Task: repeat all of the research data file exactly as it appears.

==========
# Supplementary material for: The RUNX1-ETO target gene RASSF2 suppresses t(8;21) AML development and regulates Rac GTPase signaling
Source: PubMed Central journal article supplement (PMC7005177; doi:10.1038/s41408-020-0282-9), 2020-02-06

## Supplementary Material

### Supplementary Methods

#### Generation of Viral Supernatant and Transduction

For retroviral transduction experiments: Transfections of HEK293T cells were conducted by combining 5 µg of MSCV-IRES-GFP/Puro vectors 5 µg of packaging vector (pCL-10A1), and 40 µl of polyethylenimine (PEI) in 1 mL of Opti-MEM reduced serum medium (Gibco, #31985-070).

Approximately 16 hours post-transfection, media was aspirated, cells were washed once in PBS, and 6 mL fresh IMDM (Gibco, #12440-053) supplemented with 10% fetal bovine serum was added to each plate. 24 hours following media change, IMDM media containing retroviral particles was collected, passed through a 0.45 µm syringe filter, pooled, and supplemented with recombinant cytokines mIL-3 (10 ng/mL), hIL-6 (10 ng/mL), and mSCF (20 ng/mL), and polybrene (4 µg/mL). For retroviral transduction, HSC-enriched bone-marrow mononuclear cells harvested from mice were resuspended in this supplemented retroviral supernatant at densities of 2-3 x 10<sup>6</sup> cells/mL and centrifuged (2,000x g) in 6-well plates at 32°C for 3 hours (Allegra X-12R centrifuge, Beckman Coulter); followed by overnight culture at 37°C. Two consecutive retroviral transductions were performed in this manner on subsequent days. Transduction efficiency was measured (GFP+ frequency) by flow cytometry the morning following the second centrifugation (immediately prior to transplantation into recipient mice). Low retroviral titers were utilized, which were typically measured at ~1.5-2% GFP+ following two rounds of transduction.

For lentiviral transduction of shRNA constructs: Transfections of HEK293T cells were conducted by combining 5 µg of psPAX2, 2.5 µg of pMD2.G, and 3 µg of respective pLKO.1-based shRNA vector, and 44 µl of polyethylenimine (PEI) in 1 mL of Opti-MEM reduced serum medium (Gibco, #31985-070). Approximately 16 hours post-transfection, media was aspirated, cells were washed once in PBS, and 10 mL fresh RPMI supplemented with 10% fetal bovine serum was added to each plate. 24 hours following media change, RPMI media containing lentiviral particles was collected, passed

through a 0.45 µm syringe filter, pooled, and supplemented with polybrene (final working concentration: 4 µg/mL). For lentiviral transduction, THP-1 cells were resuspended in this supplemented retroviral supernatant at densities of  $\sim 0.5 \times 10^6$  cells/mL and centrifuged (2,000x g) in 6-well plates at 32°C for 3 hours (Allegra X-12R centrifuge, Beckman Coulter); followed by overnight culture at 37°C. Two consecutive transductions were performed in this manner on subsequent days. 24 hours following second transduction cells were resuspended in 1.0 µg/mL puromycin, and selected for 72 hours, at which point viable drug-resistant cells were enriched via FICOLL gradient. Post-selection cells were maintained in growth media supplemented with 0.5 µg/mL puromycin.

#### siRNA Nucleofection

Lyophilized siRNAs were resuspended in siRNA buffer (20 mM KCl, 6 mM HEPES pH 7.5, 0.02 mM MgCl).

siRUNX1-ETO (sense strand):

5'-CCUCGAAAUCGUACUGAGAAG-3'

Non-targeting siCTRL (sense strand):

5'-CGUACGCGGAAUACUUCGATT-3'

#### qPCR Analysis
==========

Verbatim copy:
# Supplementary material for: The RUNX1-ETO target gene RASSF2 suppresses t(8;21) AML development and regulates Rac GTPase signaling
Source: PubMed Central journal article supplement (PMC7005177; doi:10.1038/s41408-020-0282-9), 2020-02-06

## Supplementary Material

### Supplementary Methods

#### Generation of Viral Supernatant and Transduction

For retroviral transduction experiments: Transfections of HEK293T cells were conducted by combining 5 µg of MSCV-IRES-GFP/Puro vectors 5 µg of packaging vector (pCL-10A1), and 40 µl of polyethylenimine (PEI) in 1 mL of Opti-MEM reduced serum medium (Gibco, #31985-070).

Approximately 16 hours post-transfection, media was aspirated, cells were washed once in PBS, and 6 mL fresh IMDM (Gibco, #12440-053) supplemented with 10% fetal bovine serum was added to each plate. 24 hours following media change, IMDM media containing retroviral particles was collected, passed through a 0.45 µm syringe filter, pooled, and supplemented with recombinant cytokines mIL-3 (10 ng/mL), hIL-6 (10 ng/mL), and mSCF (20 ng/mL), and polybrene (4 µg/mL). For retroviral transduction, HSC-enriched bone-marrow mononuclear cells harvested from mice were resuspended in this supplemented retroviral supernatant at densities of 2-3 x 10<sup>6</sup> cells/mL and centrifuged (2,000x g) in 6-well plates at 32°C for 3 hours (Allegra X-12R centrifuge, Beckman Coulter); followed by overnight culture at 37°C. Two consecutive retroviral transductions were performed in this manner on subsequent days. Transduction efficiency was measured (GFP+ frequency) by flow cytometry the morning following the second centrifugation (immediately prior to transplantation into recipient mice). Low retroviral titers were utilized, which were typically measured at ~1.5-2% GFP+ following two rounds of transduction.

For lentiviral transduction of shRNA constructs: Transfections of HEK293T cells were conducted by combining 5 µg of psPAX2, 2.5 µg of pMD2.G, and 3 µg of respective pLKO.1-based shRNA vector, and 44 µl of polyethylenimine (PEI) in 1 mL of Opti-MEM reduced serum medium (Gibco, #31985-070). Approximately 16 hours post-transfection, media was aspirated, cells were washed once in PBS, and 10 mL fresh RPMI supplemented with 10% fetal bovine serum was added to each plate. 24 hours following media change, RPMI media containing lentiviral particles was collected, passed

through a 0.45 µm syringe filter, pooled, and supplemented with polybrene (final working concentration: 4 µg/mL). For lentiviral transduction, THP-1 cells were resuspended in this supplemented retroviral supernatant at densities of  $\sim 0.5 \times 10^6$  cells/mL and centrifuged (2,000x g) in 6-well plates at 32°C for 3 hours (Allegra X-12R centrifuge, Beckman Coulter); followed by overnight culture at 37°C. Two consecutive transductions were performed in this manner on subsequent days. 24 hours following second transduction cells were resuspended in 1.0 µg/mL puromycin, and selected for 72 hours, at which point viable drug-resistant cells were enriched via FICOLL gradient. Post-selection cells were maintained in growth media supplemented with 0.5 µg/mL puromycin.

#### siRNA Nucleofection

Lyophilized siRNAs were resuspended in siRNA buffer (20 mM KCl, 6 mM HEPES pH 7.5, 0.02 mM MgCl).

siRUNX1-ETO (sense strand):

5'-CCUCGAAAUCGUACUGAGAAG-3'

Non-targeting siCTRL (sense strand):

5'-CGUACGCGGAAUACUUCGATT-3'

#### qPCR Analysis